We believe that the smaller the number is, the higher the score should be, and the more is less than , the higher the score is. Then the probability for the term in is as follows:
The actual budget sequence after the perturbation is shown in Figure 8. We can see that the trend of the original series is still maintained.
Alternatively, we can construct a noisy budget sequence with noisy parameters.
6.4. Protect the Budget Sequence with the Laplace Mechanism
Since the construction of a budget sequence depends on the number of queries , we can apply differential privacy again to protect the budget sequence. Therefore, the third idea is to add the Laplace noise to the number according to Theorem 1 and make the budget sequence satisfy differential privacy. Noisy is calculated as follows:where since the number (of the query set) and the data set for queries are two disjoint sets, the privacy budget is still according to Theorem 3 (parallel composition).
It should be noted that the noise drawn from the Laplace distribution can be positive or negative. If the negative noise occurs, then will be smaller than actual , which may result in constructing a budget sequence that is too unbalanced and significantly affect the final results. Therefore, in the absence of the constraint, we believe that positive noise should be added.
The Taylor series curve with is as shown in Figure 9, and the difference from the original curve is obvious.
If we want to increase the difference between users, then we can assign different privacy budgets for different users.
7. Analysis and Experiment
In this section, we evaluate our strategies with two different sets of experiments. First, we compare the total amount of noise generated with different budget allocation strategies after multiple interactive queries. Second, to demonstrate that our series strategies have better adaptability and utility in practice than the average allocation, we apply our strategies to the means clustering and compare the accuracy of the noisy clustering results. For convenience, we use AVG, Geo, and Ty to represent the average strategy, the geometric series strategy, and the Taylor series strategy, respectively, in the graphs and tables.
7.1. Analysis of the Total Amount of Noise for Multiple Interactive Queries
We implement this experiment with the data set “Document” [29, 30]. “Document” is a database that contains 353,160 records describing the frequency of 3,430 politically relevant news and reviews on professional vocabulary. There are 6,906 professional vocabularies, and the data set contains three attributes: “article ID,” “word ID,” and “wordcount.” The meaning of a record is counting the number of word IDs that appear in the article ID.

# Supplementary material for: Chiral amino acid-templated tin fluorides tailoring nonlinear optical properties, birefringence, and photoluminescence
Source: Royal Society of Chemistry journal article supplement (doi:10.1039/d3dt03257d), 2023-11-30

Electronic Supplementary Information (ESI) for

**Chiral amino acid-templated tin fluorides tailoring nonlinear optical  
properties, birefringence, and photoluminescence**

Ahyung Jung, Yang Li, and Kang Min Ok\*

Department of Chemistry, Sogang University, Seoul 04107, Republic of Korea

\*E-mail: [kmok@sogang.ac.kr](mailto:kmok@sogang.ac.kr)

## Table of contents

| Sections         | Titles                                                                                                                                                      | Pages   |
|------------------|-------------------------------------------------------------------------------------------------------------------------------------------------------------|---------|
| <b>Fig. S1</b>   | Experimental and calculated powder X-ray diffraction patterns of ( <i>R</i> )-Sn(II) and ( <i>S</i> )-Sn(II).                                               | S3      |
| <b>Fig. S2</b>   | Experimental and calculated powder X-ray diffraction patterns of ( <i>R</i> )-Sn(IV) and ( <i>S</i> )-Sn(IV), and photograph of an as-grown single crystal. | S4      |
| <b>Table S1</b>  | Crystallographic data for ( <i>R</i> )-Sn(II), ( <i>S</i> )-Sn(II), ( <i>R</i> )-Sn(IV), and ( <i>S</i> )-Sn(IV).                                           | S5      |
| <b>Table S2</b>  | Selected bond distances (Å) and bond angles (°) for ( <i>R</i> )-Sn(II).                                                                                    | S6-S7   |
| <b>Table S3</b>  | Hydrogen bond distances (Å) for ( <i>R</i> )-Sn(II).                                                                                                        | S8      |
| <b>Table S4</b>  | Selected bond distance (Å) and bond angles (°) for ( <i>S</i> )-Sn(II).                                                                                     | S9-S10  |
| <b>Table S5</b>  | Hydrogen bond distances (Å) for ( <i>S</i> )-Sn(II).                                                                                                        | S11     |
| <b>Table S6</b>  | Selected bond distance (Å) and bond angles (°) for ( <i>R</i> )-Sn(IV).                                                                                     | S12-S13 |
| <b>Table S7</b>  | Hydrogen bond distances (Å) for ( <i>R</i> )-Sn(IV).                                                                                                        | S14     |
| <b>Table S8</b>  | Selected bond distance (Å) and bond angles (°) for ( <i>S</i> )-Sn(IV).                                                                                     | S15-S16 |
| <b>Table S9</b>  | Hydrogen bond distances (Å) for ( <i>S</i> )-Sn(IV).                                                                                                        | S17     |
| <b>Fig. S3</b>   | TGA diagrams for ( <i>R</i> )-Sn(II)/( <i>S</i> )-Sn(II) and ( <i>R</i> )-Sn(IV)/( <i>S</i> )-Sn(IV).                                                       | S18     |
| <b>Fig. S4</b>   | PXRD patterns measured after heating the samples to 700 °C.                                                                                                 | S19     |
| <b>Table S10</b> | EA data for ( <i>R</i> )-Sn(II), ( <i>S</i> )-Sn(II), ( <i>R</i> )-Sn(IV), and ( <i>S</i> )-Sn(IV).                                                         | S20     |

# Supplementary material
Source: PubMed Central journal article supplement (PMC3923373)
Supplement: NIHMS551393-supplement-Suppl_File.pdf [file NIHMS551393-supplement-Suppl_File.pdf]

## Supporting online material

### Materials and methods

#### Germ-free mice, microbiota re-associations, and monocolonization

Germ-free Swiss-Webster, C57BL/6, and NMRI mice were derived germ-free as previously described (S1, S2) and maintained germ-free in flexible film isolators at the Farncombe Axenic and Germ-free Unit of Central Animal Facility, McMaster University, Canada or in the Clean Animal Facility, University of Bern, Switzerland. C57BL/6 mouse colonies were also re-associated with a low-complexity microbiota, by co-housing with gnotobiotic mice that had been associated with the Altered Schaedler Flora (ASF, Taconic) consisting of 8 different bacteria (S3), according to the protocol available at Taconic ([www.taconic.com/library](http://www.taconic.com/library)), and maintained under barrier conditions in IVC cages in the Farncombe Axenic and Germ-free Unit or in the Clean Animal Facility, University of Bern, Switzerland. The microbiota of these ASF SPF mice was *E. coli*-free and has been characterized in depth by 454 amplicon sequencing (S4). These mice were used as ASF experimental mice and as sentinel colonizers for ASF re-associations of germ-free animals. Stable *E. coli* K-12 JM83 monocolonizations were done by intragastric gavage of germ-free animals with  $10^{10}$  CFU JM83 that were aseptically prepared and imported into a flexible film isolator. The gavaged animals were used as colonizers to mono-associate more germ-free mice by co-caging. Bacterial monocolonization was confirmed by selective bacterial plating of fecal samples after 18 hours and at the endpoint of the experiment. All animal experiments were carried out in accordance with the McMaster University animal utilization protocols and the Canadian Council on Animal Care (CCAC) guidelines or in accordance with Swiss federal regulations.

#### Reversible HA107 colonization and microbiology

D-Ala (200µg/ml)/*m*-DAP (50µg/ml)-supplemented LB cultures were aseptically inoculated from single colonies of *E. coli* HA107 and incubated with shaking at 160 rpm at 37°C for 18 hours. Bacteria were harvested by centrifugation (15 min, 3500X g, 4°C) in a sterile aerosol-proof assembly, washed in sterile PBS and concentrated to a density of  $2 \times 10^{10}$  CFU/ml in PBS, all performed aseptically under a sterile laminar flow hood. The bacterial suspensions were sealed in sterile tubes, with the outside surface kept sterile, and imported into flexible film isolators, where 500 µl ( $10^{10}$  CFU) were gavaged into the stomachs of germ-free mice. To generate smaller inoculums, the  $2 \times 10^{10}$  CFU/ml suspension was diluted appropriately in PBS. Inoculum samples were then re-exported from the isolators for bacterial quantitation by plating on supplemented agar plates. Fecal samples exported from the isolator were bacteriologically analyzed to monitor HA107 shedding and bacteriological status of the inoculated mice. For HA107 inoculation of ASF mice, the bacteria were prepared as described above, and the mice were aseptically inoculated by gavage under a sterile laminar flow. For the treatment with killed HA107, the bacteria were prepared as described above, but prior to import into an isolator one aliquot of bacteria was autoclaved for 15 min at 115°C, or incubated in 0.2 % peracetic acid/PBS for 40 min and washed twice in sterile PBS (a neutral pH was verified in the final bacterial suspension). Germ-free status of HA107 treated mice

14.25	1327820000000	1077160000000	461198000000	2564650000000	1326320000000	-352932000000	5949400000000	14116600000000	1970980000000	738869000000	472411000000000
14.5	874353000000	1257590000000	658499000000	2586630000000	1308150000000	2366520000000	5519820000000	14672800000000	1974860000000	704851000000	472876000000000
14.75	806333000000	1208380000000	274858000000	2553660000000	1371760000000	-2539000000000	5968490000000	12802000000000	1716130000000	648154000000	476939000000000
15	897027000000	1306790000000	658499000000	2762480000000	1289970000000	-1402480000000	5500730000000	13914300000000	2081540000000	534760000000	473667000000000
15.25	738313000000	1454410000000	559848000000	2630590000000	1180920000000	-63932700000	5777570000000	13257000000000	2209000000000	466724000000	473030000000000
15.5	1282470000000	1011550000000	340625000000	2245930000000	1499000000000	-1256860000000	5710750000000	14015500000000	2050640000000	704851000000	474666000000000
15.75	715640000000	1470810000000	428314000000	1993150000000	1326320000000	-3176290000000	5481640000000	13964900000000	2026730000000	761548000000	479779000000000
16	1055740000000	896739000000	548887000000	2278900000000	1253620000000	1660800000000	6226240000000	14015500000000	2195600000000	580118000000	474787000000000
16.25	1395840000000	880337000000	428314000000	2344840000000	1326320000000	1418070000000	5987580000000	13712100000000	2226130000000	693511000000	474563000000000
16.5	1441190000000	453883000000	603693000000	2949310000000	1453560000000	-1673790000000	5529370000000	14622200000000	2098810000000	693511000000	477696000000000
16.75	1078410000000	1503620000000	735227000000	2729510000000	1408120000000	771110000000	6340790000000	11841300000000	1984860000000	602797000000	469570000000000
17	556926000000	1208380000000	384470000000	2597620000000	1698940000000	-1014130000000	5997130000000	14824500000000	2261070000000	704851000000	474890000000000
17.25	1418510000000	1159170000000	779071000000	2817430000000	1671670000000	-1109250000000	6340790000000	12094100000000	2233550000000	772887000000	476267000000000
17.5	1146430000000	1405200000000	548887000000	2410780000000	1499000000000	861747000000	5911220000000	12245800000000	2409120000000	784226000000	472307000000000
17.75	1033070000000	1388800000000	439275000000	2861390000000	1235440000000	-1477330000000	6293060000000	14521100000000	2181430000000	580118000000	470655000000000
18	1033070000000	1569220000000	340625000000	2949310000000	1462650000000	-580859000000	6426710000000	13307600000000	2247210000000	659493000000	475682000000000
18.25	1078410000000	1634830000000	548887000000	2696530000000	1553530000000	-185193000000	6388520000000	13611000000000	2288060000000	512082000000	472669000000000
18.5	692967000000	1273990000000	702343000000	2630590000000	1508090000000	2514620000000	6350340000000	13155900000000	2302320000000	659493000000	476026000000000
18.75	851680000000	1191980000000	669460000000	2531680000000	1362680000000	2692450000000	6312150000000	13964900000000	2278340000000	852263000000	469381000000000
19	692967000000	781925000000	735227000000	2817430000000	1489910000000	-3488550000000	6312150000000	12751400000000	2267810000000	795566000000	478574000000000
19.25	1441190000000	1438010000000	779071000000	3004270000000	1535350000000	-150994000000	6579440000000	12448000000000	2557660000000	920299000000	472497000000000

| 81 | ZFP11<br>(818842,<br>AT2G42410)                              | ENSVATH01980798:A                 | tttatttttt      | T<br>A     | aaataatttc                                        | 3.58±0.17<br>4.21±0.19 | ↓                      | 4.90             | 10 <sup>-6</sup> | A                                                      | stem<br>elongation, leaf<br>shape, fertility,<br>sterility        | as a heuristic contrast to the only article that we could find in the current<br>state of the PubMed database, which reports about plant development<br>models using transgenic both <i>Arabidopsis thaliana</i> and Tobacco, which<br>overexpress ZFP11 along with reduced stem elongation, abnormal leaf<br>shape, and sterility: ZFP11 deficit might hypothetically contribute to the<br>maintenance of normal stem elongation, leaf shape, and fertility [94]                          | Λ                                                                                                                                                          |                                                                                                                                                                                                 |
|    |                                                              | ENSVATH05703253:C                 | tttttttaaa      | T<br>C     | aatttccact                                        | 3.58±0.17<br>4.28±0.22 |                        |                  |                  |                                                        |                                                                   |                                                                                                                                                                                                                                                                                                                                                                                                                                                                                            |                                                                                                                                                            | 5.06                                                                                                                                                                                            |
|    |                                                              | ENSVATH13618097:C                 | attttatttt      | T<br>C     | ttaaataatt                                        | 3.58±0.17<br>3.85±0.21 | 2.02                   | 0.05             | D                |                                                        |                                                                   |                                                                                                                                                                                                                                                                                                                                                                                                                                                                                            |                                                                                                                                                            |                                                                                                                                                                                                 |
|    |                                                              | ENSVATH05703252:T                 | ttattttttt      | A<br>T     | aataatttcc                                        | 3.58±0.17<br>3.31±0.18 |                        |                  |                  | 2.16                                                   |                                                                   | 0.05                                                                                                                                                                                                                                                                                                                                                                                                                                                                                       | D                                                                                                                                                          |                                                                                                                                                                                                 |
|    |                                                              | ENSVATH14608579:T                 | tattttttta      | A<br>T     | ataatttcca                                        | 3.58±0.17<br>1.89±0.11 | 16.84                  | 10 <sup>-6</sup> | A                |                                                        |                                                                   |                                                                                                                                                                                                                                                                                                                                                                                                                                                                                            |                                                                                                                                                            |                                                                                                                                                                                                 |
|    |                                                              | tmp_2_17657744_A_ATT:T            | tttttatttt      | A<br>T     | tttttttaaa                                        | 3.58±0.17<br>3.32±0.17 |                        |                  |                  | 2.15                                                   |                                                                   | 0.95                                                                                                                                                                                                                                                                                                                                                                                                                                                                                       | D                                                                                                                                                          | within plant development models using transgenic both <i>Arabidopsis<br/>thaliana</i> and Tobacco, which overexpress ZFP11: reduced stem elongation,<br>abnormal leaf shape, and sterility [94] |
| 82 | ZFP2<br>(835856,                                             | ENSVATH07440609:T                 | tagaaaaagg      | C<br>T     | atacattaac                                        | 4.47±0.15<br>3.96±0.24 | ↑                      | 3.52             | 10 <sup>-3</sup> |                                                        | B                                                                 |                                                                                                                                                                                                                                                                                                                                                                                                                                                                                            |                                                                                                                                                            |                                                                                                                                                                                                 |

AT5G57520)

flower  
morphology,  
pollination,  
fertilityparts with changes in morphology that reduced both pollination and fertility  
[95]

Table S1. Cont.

For comparison, we conduct sum queries with each allocation method and calculate the total amount of noise, where is 20, 50, and 100. Since the queries are of the same type and the first two attributes are indexes, we can scale the value domain of the “wordcount” to to normalize the sensitivity (though it is a sum query, the semantics of “wordcount” require the value to be greater than 0). We compare the mean square error of the overall noise. To avoid the extremums caused by random noise, we repeat rounds , and the mean square error of each round is denoted as . Then, we obtain the averaged mean square error . A large indicates substantial noise and low accuracy of the query results. Let be the true result of the query, and let be the noisy result with approach . Then, we have the following:
The total privacy budget in this experiment is set to 1 and is 30, 95, and 200, which correspond to values. We compare five conventional methods and the results are shown in Table 2.
It is noted that since the Taylor series strategy without considering is certainly injecting much more noise into the queries at the early and late stages of the allocation than other methods, we default to optimize the Taylor series with in the experiments, and this method is expressed as “blTy.”
The results show that the total amount of noise generated by the geometric series strategy is very close to the average allocation, since a geometric series method can be relatively “balanced” by setting a large . The Taylor strategy is inferior to the geometric strategy, but it still can have the same order of magnitude of noise. In addition, the methods after optimization can have less noise than the original ones. These results are consistent with our previous theoretical analysis.
From the perspective of noise, the average allocation has the least total amount of noise, while our series strategies can ensure that the total noise is always close to the average method and provides an uneven allocation for the budget.
7.2. Differentially Private Means Clustering with Different Strategies
Clustering is a very typical representative of differential privacy in data mining applications. A brief description of one iteration in differentially private clustering is as follows [11] (Algorithm 1).

By analysis, we can find the following: (1) since the clustering algorithm itself requires multiple iterations and to satisfy the guarantee of differential privacy, clusters usually cannot achieve a steady state (what we also call “converge” in this paper) after adding the noise; (2) within an iteration, the privacy budget still needs to be consumed many times [31]. Therefore, the differentially private clustering has been focused on by many researchers.
To compare the performances of different allocation strategies carefully, we apply the means clustering to two data sets, which are of different clustering features; and we will also use different metrics for comparative analysis.